Holiday causing changes?: Hi, I haven’t... - PSP Association

PSP Association

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Holiday causing changes?

Patmimi profile image


I haven’t posted in awhile but I wondered if anyone else who has loved one with CBD has experienced this?

Over Christmas I kept my 19 month old grandson for the week before Christmas celebration and my husband Jack seemed to have a marked decline.

He did as well at Thanksgiving however not quite as severe.

Do you find that too much stimulation causes a change?

He still speaks and actually talks a lot although when he is seems stressed he sleeps a lot .

Last night while is bed he kept saying he needed to go to bed. I couldn’t convince him he was not in the car?

This morning he remembered it and wanted to know what is wrong with him ?

Such a confusing disease and I don’t have a lot of help understanding from his neurologist.

Anyway would love to hear others experiences!

Thank you so much!


14 Replies

Hi Michelle... l believe each person with PSP is unquestionably a mysterious (not sure what the right word is... so l will leave it to others to fill in the blank _ _ _ _ _).

Mom enjoyed extra stimulation at times but not for long periods... she tired easy & could become confused. I am not sure if this was the PSP or merely her age.

It is so difficult to find understanding from others when they have not dealt with the situation day in & out. You will find a true understanding from others here... l too welcome thier posts. Sending Hugs... Granni B

Dear Michelle,

My late husband who had CBD became increasingly unable to handle stimulation, particularly from noise and people and conversation (others' - he couldn't talk). It really limited who could be in the house, and he often had to go to bed if someone came over. At the very least he would close his eyes and doze off. It did not make a difference that the last years only close family including his kids were the visitors... So yes - I think it is the disease.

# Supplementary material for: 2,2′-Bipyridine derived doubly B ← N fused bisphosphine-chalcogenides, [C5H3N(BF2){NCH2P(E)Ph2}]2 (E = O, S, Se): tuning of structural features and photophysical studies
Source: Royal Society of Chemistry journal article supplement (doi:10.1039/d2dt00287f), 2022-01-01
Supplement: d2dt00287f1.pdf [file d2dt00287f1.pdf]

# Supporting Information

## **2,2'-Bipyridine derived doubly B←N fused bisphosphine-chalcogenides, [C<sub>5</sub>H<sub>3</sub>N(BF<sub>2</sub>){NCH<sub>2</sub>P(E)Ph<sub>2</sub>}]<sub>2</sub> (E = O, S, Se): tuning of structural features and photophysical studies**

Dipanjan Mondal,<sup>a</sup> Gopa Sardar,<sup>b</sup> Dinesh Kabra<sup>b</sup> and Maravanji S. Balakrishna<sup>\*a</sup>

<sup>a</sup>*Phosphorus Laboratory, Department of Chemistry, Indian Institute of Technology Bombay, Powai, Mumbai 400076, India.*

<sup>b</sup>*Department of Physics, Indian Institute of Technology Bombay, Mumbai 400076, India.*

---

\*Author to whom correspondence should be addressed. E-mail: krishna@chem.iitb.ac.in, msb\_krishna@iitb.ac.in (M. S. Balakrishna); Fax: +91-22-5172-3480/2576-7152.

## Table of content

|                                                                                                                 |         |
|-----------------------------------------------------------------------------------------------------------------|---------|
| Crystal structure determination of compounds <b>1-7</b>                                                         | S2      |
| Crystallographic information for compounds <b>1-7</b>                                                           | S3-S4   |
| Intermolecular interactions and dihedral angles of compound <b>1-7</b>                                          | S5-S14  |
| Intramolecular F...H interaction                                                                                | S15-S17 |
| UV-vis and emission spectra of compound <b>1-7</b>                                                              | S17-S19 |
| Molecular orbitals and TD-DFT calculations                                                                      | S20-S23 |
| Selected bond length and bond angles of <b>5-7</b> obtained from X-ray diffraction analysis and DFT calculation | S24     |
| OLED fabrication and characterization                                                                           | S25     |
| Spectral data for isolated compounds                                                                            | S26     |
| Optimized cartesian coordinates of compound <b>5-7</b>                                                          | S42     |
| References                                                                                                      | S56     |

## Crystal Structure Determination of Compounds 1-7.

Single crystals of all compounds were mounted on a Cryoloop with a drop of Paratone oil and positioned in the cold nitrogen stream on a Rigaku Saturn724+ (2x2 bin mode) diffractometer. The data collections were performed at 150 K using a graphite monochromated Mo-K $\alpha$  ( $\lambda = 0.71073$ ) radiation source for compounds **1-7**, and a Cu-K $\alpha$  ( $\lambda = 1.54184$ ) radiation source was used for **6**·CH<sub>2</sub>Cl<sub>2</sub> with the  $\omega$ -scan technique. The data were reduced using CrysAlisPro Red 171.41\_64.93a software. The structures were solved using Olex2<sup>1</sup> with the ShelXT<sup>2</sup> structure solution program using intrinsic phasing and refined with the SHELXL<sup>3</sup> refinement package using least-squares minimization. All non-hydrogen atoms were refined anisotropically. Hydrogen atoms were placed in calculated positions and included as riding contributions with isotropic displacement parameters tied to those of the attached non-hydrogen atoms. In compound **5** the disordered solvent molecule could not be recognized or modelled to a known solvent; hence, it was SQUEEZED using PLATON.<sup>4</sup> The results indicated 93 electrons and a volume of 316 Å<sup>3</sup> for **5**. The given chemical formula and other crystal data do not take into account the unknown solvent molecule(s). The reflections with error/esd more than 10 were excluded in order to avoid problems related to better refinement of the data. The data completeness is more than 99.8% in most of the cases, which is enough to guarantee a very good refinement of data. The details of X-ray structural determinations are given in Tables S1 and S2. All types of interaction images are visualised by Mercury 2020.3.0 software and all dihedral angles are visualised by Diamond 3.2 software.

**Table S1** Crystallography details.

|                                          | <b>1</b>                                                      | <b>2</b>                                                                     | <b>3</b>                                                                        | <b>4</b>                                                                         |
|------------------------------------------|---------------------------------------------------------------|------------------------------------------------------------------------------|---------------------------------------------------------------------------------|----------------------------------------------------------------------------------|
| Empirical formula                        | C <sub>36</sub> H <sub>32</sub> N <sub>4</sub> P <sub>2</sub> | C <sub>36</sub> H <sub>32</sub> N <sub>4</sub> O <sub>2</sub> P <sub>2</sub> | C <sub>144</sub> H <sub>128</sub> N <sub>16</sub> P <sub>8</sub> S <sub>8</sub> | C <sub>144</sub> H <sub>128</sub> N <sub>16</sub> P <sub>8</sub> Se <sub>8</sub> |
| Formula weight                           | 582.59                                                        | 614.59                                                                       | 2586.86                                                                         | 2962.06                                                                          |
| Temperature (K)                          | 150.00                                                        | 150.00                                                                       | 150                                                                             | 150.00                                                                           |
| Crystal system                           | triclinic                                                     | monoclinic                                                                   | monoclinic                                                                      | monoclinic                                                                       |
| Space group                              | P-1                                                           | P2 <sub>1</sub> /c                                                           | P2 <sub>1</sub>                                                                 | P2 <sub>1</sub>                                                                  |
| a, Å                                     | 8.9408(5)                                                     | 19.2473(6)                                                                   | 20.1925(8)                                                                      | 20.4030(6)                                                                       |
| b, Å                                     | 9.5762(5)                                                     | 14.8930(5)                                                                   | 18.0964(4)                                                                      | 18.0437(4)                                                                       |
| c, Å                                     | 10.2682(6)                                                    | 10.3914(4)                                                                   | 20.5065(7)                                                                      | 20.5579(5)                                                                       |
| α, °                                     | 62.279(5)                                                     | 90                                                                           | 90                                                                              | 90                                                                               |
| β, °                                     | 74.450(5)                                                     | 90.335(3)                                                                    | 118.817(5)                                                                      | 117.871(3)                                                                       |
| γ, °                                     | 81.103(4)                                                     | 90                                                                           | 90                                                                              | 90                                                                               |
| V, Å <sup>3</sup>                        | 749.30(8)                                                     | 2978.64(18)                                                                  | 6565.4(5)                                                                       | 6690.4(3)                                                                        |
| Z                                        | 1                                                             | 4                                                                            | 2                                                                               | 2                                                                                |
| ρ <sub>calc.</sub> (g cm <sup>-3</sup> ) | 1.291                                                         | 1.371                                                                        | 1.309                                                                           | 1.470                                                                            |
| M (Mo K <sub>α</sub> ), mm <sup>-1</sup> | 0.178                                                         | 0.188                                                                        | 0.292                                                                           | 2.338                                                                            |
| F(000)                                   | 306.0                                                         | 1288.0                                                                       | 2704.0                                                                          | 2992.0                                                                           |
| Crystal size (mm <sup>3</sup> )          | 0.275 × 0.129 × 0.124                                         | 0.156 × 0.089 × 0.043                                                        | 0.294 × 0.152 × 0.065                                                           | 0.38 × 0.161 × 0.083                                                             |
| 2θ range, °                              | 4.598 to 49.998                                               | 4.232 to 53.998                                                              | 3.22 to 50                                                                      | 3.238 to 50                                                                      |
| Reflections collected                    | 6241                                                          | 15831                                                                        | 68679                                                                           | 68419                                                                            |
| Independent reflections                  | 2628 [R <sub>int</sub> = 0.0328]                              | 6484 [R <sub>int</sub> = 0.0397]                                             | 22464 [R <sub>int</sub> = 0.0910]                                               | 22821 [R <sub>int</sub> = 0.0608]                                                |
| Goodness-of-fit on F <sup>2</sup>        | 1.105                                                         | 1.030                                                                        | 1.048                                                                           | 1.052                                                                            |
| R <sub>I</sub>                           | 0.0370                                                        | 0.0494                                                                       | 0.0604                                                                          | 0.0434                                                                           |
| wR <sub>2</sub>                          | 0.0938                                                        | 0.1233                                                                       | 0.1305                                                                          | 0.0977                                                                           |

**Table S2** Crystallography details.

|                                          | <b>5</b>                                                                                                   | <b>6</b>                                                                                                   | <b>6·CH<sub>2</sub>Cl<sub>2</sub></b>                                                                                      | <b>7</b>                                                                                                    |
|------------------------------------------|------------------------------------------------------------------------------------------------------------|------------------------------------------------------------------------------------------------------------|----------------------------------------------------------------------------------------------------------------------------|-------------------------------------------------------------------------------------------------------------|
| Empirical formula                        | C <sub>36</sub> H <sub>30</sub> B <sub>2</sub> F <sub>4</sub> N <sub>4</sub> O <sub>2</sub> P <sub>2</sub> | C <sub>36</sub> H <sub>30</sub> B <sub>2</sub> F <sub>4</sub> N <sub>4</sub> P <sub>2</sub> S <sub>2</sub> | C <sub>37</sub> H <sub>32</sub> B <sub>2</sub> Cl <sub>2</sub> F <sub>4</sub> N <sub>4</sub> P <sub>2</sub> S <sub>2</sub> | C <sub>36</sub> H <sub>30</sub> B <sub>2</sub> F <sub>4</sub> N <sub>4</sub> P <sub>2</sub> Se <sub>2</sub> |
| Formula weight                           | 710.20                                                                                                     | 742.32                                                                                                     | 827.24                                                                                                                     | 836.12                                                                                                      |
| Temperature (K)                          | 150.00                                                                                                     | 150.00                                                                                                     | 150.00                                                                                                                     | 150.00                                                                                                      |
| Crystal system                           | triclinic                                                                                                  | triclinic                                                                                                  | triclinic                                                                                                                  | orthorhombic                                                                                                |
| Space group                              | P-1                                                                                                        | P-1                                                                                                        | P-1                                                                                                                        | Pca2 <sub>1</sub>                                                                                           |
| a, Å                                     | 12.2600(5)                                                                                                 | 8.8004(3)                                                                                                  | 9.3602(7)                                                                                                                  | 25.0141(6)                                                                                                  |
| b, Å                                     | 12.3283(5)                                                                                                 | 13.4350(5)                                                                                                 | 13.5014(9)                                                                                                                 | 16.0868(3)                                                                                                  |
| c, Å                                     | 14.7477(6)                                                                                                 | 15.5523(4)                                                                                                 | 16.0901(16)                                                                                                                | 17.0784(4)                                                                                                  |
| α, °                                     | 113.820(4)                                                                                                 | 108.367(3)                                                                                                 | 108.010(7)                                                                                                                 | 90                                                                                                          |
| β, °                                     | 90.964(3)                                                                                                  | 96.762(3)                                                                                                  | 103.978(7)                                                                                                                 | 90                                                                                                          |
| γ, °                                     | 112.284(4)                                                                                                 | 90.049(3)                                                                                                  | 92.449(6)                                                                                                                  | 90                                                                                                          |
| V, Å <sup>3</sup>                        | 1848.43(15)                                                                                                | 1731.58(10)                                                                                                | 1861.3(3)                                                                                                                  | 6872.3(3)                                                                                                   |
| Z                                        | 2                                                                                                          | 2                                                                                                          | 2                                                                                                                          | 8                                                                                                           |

Xx. Anne G.

DenB profile image
DenB in reply to raincitygirl

I agree with everything that you have said.

It is exactly the same for my husband. He still just switches off and can get very anxious about loud noise, lots of people, all talking at once etc.

I don't take him to large gatherings any more. It's just too much for him!

D x

raincitygirl profile image
raincitygirl in reply to DenB

Right - the brain is working so hard to compensate for the damage caused by the tau protein... It becomes exhausted so easily 💔

This is my own take on it, never had anyone in the medical fields agree or disagee.

As the diseases progress in some patients the ability to "multi-focus" declines. Trying to stay mentally engaged with several things at once causes mental and physical fatigue. Dad stayed pretty sharp all the way to the end 1-on-1 but in the latter stage if 2-3 things were going on he would start getting confused and just "disengage" either through falling asleep or just closing his eyes and not speaking.